The Bush road show drones on

April 06, 2005|By Jules Witcover

WASHINGTON - If politics were show business, you could say that President Bush's planned 60-day road tour to sell the diverting of Social Security taxes into the stock market is now into its second act.

Mr. Bush resumed the second half of his Social Security traveling show in West Virginia yesterday before taking an intermission to attend the funeral of Pope John Paul II in Rome.

He did so with still another of his repetitively boring pitches before another meticulously crafted "town meeting" of pre-selected guests who offer no dissent from his scheme.

Whoever said there are no second acts in life could have been talking about this rerun of Mr. Bush's approach to "educating" the American people about what he says is a "crisis" in Social Security solvency. This second act is just like the first.

At the halfway mark, the polls - and the wavering of unconvinced fellow Republicans in Congress - suggest this preaching to the choir has been a flop. The reason may well be that the Bush road show has been so short on education and so long on snake-oil salesmanship that even the faithful are waffling.

For openers, while the president makes his pitch in the context of the approaching insolvency of Social Security, he has acknowledged what critical Republicans as well as Democrats have pointed out - that his private or "personal" accounts are merely a sideshow.

That is, enabling taxpayers to invest part of their Social Security payroll taxes in the stock market does not address the approaching shortfall in funds available to prospective retirees, the timing of which remains in wide dispute.

Yet Mr. Bush, at every staged event of his costly itinerant circus, peddles this idea as critical, even as he repeats projections about when the shortfall will occur and how large it will be. They run counter to those of the independent Government Accountability Office and most other nonpartisan calculations.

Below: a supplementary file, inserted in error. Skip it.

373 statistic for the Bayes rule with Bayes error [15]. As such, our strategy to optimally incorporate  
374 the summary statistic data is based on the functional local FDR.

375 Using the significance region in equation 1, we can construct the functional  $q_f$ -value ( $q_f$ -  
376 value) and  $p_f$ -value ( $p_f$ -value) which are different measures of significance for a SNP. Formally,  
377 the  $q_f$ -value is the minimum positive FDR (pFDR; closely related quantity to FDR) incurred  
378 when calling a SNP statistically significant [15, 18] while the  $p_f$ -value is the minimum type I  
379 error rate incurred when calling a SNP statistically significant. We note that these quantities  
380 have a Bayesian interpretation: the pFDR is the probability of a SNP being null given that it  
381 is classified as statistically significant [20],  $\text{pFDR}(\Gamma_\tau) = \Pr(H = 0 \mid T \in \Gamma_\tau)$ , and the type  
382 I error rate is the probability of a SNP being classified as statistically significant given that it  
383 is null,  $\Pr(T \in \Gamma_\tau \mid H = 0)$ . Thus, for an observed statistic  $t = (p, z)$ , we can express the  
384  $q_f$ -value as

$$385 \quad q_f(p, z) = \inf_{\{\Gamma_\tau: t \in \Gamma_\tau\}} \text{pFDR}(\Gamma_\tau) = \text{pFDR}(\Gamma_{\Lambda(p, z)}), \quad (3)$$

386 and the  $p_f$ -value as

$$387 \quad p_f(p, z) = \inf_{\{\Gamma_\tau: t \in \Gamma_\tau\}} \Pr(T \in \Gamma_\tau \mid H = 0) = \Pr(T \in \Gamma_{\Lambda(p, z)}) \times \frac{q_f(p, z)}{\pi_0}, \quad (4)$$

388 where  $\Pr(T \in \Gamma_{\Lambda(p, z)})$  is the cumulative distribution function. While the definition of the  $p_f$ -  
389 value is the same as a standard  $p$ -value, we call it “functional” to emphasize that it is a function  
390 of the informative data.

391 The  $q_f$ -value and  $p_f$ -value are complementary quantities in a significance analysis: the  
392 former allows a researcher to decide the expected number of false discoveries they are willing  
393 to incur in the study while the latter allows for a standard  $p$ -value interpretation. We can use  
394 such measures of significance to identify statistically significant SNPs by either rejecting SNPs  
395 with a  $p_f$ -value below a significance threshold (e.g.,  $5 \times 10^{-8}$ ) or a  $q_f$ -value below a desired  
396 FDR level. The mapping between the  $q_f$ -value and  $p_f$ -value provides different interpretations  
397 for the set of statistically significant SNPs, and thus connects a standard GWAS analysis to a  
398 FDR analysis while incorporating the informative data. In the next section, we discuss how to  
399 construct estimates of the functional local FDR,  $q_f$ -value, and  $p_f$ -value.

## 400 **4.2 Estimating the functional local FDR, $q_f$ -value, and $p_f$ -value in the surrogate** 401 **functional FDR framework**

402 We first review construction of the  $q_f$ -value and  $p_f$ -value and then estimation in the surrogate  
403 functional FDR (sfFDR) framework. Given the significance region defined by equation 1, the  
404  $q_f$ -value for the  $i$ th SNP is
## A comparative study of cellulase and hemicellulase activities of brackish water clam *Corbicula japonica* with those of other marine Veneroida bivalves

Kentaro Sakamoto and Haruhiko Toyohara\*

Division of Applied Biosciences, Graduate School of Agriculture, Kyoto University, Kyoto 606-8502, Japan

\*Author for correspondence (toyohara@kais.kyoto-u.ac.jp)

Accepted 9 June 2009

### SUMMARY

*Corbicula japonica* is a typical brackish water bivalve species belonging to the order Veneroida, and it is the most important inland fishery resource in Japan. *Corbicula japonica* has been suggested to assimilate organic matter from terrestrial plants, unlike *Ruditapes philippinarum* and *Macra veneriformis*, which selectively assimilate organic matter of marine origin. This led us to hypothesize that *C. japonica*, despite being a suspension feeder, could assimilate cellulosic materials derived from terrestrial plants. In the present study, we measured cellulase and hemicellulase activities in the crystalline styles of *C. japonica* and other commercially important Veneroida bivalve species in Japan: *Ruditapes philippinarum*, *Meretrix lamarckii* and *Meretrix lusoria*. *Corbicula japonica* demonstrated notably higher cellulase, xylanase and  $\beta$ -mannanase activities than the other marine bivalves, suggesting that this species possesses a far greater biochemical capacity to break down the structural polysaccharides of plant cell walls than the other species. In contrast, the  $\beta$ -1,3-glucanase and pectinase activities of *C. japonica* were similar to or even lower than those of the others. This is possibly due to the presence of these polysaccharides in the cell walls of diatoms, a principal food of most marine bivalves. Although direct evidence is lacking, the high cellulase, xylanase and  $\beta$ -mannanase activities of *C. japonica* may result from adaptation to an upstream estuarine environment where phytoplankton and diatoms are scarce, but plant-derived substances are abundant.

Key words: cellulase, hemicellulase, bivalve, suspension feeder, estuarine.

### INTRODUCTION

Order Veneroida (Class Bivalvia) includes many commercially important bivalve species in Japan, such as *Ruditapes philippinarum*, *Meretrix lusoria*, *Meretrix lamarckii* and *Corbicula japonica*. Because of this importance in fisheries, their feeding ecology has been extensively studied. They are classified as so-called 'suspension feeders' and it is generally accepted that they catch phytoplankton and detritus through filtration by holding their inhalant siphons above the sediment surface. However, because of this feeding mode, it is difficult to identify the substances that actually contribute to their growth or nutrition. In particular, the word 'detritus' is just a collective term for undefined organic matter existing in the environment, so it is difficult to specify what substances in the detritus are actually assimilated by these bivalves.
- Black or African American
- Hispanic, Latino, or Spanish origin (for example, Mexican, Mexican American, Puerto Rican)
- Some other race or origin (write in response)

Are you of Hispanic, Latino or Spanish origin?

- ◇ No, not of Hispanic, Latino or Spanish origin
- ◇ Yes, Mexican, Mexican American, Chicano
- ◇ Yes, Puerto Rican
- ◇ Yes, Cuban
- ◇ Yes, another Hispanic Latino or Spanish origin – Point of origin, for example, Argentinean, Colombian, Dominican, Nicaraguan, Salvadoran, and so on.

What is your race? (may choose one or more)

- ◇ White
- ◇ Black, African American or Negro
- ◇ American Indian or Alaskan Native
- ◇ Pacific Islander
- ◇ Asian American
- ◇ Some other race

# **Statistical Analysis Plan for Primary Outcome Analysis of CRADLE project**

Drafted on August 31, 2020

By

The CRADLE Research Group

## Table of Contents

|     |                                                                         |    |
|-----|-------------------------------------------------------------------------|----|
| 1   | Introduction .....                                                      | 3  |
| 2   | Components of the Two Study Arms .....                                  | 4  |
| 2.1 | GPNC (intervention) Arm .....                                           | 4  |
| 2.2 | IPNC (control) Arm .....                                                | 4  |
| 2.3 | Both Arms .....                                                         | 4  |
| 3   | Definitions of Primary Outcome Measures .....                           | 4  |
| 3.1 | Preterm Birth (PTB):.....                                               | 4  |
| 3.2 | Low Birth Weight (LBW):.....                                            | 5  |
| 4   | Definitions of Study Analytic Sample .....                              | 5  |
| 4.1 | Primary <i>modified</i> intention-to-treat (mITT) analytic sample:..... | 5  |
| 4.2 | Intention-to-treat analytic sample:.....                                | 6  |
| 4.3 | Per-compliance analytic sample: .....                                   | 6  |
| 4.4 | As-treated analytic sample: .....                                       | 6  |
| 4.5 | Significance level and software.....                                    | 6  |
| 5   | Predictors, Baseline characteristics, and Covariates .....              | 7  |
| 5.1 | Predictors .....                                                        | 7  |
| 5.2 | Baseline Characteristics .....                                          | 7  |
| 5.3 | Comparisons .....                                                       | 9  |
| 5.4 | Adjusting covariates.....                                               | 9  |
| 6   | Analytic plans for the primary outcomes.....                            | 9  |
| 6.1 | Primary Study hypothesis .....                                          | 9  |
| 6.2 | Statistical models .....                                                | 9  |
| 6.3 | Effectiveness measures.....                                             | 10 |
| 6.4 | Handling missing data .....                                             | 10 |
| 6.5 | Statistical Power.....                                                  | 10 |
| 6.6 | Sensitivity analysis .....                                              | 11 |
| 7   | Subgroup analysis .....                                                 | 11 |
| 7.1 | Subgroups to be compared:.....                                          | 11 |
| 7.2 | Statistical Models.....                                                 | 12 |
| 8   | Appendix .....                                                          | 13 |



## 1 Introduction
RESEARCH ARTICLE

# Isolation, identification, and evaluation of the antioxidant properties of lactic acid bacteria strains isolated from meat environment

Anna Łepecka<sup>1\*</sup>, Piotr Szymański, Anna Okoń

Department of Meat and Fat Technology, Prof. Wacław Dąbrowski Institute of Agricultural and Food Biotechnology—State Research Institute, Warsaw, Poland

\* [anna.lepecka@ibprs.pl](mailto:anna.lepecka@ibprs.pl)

According to Treasury Secretary John W. Snow, Mr. Bush held a dozen Social Security rallies in the first month, Vice President Dick Cheney four more and Mr. Snow another 10. On top of that, according to the Republican National Committee, GOP House members conducted more than 500 similar "town meetings" in their districts over the Easter recess.

But not all of these congressional meetings have been echo chambers like those Mr. Bush and other administration officials figures have been holding.

Rep. Christopher Shays of Connecticut, a moderate Republican who had indicated support for the personal accounts, ran into heavy criticism of the partial privatization plan at a meeting in the town of Darien. As quoted in The Advocate of Stamford, Mr. Shays said: "I am not going to impose my beliefs on Americans if they don't buy off onto it, because this is too huge a program."

Republican Sen. Charles E. Grassley, chairman of the Finance Committee, which handles Social Security legislation, traveled home to Iowa with Mr. Bush last week, having said he didn't believe a bill could be passed this year. Afterward, apparently under White House pressure, he reported he will hold hearings this month.

While the president's salesmanship may have focused a brighter spotlight on the insolvency problem, his stock market investment scheme appears actually to have been a diversion, stirring division in his own party.

There is no sign that Mr. Bush's road show, to be resumed in a state near you when he returns from Rome, will have any major change in script or cast of characters, regardless of how it is playing in the country, beyond its invitation-only audiences.

Jules Witcover writes from The Sun's Washington bureau. His column appears Wednesdays and Fridays.

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